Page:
THE PROBLEM WITH ALWAYS NEEDING TO BE RIGHT


Let’s explore the negative impact of people running the cognitive distortion of always needing to be right. This cognitive distortion, also known as the need for cognitive closure, refers to the tendency to have a strong desire for certainty and a need to be right in every situation. It can harm themselves and others, impacting their mental health and communication styles, as well as contributing to issues like anger, self-referencing, anxiety, and depression. Let’s explore specific examples and research to understand these impacts more deeply.

Firstly, the need to always be right can have a significant impact on one’s own mental health. Constantly striving to be right puts tremendous pressure on individuals, leading to heightened stress and anxiety levels. Research by Kruglanski et al. (2013) has shown that the need for cognitive closure, which is closely related to the need to be right, is associated with higher anxiety levels. The fear of being wrong or making mistakes can create a constant state of worry and self-doubt.

Additionally, the need to always be right can lead to a rigid communication style. Individuals who feel the need to be right often have difficulty listening to others’ perspectives or considering alternative viewpoints. They may engage in argumentative and defensive behaviours, dismissing or invalidating others’ opinions. This communication style can hinder effective collaboration and contribute to strained relationships. Research by Kruglanski and Webster (1996) has found that individuals with a high need for cognitive closure tend to engage in more dogmatic and close-minded communication patterns.

Furthermore, the need to always be right can intensify feelings of anger and frustration. When someone is strongly invested in being right, they may become easily angered when their views are challenged or encounter differing opinions. This can lead to conflicts and strained relationships with others. Research by Baumeister et al. (1999) has shown that the need to be right is associated with increased aggression and hostility.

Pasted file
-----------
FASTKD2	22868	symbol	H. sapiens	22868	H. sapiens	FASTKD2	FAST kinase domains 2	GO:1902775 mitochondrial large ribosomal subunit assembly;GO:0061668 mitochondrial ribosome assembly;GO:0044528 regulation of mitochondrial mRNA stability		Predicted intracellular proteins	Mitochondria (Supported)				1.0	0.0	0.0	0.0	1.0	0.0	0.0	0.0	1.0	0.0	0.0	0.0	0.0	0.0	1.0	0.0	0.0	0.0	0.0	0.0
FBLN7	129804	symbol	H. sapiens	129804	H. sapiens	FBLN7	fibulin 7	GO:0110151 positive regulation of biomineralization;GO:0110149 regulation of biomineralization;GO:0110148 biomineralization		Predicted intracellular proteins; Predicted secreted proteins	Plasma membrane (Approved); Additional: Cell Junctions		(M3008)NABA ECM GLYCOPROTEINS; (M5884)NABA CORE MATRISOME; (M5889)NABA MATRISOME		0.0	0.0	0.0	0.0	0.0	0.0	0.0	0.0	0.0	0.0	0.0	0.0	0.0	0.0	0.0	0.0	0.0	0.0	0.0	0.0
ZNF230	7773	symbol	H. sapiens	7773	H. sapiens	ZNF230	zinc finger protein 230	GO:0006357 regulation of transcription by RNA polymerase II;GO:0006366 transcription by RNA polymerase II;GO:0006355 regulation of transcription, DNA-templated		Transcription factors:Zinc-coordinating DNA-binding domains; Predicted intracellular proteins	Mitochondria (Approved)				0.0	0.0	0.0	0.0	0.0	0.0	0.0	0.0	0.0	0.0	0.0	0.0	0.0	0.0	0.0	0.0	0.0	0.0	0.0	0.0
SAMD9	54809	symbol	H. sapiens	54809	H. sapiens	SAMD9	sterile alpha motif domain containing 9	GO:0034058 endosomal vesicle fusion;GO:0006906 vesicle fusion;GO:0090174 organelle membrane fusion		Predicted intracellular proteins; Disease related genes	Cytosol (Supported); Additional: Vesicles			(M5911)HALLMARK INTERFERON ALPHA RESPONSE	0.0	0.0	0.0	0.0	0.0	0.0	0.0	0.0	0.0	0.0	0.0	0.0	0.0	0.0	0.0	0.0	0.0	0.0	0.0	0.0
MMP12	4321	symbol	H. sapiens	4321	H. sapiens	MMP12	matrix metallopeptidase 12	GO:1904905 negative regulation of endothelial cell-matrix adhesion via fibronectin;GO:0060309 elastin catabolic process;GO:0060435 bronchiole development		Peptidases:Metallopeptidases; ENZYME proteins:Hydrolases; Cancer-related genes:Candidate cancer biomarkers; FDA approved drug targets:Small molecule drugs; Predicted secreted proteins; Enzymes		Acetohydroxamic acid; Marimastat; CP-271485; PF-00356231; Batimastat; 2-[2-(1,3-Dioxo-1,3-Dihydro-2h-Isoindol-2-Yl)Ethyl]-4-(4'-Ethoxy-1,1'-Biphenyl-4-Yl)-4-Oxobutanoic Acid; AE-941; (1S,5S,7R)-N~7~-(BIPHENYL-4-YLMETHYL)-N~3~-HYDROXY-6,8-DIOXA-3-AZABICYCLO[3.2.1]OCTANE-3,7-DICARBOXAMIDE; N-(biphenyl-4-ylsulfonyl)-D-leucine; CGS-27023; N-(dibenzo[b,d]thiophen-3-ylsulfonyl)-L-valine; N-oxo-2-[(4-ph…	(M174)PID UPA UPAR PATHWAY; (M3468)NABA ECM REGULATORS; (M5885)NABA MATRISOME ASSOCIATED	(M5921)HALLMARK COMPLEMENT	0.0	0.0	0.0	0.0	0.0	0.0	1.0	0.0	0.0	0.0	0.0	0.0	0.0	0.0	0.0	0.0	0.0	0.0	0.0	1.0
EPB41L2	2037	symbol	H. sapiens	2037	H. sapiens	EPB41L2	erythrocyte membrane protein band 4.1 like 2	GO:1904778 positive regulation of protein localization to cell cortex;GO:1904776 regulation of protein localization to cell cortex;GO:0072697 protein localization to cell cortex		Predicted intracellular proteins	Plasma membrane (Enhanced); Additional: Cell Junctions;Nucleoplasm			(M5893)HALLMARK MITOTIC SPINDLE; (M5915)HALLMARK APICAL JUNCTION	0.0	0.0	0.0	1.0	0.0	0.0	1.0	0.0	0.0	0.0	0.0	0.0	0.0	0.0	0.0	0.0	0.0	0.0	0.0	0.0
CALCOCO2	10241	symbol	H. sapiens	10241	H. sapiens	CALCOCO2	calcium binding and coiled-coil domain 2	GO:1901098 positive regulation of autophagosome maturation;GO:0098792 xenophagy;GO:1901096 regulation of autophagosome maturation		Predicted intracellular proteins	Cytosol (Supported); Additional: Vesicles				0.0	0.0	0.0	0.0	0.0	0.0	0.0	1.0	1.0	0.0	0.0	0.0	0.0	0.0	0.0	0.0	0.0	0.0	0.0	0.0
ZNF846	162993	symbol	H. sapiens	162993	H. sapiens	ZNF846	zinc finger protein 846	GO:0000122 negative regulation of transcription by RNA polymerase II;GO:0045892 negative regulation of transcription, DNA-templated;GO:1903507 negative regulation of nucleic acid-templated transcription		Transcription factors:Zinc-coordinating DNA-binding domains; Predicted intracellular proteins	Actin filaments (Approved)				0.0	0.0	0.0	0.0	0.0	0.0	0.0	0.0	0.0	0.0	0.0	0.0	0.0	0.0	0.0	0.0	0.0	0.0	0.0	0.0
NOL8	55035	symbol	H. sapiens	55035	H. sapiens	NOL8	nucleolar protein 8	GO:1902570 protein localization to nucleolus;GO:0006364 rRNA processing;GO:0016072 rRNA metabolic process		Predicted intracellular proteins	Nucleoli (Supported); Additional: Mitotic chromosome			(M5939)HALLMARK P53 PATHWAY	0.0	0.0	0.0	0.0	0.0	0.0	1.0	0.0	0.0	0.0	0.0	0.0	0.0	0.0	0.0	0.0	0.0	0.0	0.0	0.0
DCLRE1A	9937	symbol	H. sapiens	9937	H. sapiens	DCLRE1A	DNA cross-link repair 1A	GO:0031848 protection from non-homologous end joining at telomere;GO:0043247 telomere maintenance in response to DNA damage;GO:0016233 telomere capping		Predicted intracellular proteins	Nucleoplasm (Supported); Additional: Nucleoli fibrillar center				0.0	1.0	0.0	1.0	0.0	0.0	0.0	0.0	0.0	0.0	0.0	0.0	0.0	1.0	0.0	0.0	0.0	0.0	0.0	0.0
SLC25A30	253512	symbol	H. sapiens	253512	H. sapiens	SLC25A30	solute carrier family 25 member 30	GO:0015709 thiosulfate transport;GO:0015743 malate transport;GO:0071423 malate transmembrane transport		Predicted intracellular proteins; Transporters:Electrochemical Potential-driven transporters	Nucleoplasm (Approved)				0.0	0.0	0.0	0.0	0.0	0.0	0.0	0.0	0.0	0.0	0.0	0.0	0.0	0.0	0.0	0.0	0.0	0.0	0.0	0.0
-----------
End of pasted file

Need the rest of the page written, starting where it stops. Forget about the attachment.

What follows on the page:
Moreover, the need to always be right can lead to excessive self-referencing and self-centeredness. Individuals driven by this need often prioritise their own perspectives, dismissing or downplaying the experiences and emotions of others. This self-centeredness can isolate them from meaningful connections with others and hinder empathy and understanding. Neimeyer et al. (1997) found that individuals with a high need for cognitive closure tend to exhibit self-centred thinking and difficulty considering alternative viewpoints.

In addition, the need to always be right can contribute to feelings of chronic anxiety and depression. The constant need for certainty and the fear of being wrong can create a sense of vulnerability and inadequacy. The pressure to maintain an image of infallibility can affect mental well-being. Research by Neuberg and Newsom (1993) has shown that individuals with a high need for cognitive closure are more prone to experiencing anxiety and depressive symptoms.

It is important to note that the need always to be right can also impact the well-being of others. When individuals consistently assert their need to be right, it can create a hostile and invalidating environment for those around them. People may feel dismissed, unheard, and devalued, leading to a breakdown in communication and strained relationships.